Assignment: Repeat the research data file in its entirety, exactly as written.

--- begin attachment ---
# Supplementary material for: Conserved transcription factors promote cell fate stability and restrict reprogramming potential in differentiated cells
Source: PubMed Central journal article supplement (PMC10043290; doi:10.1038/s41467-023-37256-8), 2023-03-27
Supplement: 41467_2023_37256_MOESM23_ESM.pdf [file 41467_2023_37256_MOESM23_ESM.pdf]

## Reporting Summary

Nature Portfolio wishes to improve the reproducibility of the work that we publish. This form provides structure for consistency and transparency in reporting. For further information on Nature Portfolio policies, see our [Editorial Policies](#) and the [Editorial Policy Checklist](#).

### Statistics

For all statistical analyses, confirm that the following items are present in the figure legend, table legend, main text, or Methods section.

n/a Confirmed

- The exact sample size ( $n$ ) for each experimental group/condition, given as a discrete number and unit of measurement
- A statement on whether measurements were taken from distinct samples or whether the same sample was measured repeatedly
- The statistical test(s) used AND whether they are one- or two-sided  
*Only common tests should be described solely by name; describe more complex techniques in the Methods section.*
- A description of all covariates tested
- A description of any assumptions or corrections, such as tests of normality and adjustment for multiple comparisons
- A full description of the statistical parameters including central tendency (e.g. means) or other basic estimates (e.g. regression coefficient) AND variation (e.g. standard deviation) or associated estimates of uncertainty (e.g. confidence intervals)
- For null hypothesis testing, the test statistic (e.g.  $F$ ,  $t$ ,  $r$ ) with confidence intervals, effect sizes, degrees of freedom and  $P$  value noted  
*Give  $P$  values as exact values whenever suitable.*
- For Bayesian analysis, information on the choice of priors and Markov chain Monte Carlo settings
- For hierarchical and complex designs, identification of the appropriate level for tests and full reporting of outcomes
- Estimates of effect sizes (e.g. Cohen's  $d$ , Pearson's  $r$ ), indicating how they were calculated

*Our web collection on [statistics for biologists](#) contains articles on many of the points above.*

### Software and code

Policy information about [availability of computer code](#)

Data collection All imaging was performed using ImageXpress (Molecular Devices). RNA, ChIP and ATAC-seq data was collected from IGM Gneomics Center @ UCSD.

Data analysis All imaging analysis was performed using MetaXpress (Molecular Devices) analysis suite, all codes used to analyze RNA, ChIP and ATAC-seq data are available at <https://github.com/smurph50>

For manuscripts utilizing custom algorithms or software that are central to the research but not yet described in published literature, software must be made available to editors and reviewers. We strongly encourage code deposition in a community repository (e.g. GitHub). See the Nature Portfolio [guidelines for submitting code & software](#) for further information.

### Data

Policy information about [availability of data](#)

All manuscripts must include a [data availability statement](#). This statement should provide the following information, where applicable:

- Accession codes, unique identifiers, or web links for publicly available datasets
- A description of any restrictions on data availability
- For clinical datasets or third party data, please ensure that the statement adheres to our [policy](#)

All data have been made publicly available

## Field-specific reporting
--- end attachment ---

# Supplementary material for: Conserved transcription factors promote cell fate stability and restrict reprogramming potential in differentiated cells
Source: PubMed Central journal article supplement (PMC10043290; doi:10.1038/s41467-023-37256-8), 2023-03-27
Supplement: 41467_2023_37256_MOESM23_ESM.pdf [file 41467_2023_37256_MOESM23_ESM.pdf]

## Reporting Summary

Nature Portfolio wishes to improve the reproducibility of the work that we publish. This form provides structure for consistency and transparency in reporting. For further information on Nature Portfolio policies, see our [Editorial Policies](#) and the [Editorial Policy Checklist](#).

### Statistics

For all statistical analyses, confirm that the following items are present in the figure legend, table legend, main text, or Methods section.

n/a Confirmed

- The exact sample size ( $n$ ) for each experimental group/condition, given as a discrete number and unit of measurement
- A statement on whether measurements were taken from distinct samples or whether the same sample was measured repeatedly
- The statistical test(s) used AND whether they are one- or two-sided  
*Only common tests should be described solely by name; describe more complex techniques in the Methods section.*
- A description of all covariates tested
- A description of any assumptions or corrections, such as tests of normality and adjustment for multiple comparisons
- A full description of the statistical parameters including central tendency (e.g. means) or other basic estimates (e.g. regression coefficient) AND variation (e.g. standard deviation) or associated estimates of uncertainty (e.g. confidence intervals)
- For null hypothesis testing, the test statistic (e.g.  $F$ ,  $t$ ,  $r$ ) with confidence intervals, effect sizes, degrees of freedom and  $P$  value noted  
*Give  $P$  values as exact values whenever suitable.*
- For Bayesian analysis, information on the choice of priors and Markov chain Monte Carlo settings
- For hierarchical and complex designs, identification of the appropriate level for tests and full reporting of outcomes
- Estimates of effect sizes (e.g. Cohen's  $d$ , Pearson's  $r$ ), indicating how they were calculated

*Our web collection on [statistics for biologists](#) contains articles on many of the points above.*

### Software and code

Policy information about [availability of computer code](#)

Data collection All imaging was performed using ImageXpress (Molecular Devices). RNA, ChIP and ATAC-seq data was collected from IGM Gneomics Center @ UCSD.

Data analysis All imaging analysis was performed using MetaXpress (Molecular Devices) analysis suite, all codes used to analyze RNA, ChIP and ATAC-seq data are available at <https://github.com/smurph50>

For manuscripts utilizing custom algorithms or software that are central to the research but not yet described in published literature, software must be made available to editors and reviewers. We strongly encourage code deposition in a community repository (e.g. GitHub). See the Nature Portfolio [guidelines for submitting code & software](#) for further information.

### Data

Policy information about [availability of data](#)

All manuscripts must include a [data availability statement](#). This statement should provide the following information, where applicable:

- Accession codes, unique identifiers, or web links for publicly available datasets
- A description of any restrictions on data availability
- For clinical datasets or third party data, please ensure that the statement adheres to our [policy](#)

All data have been made publicly available

## Field-specific reporting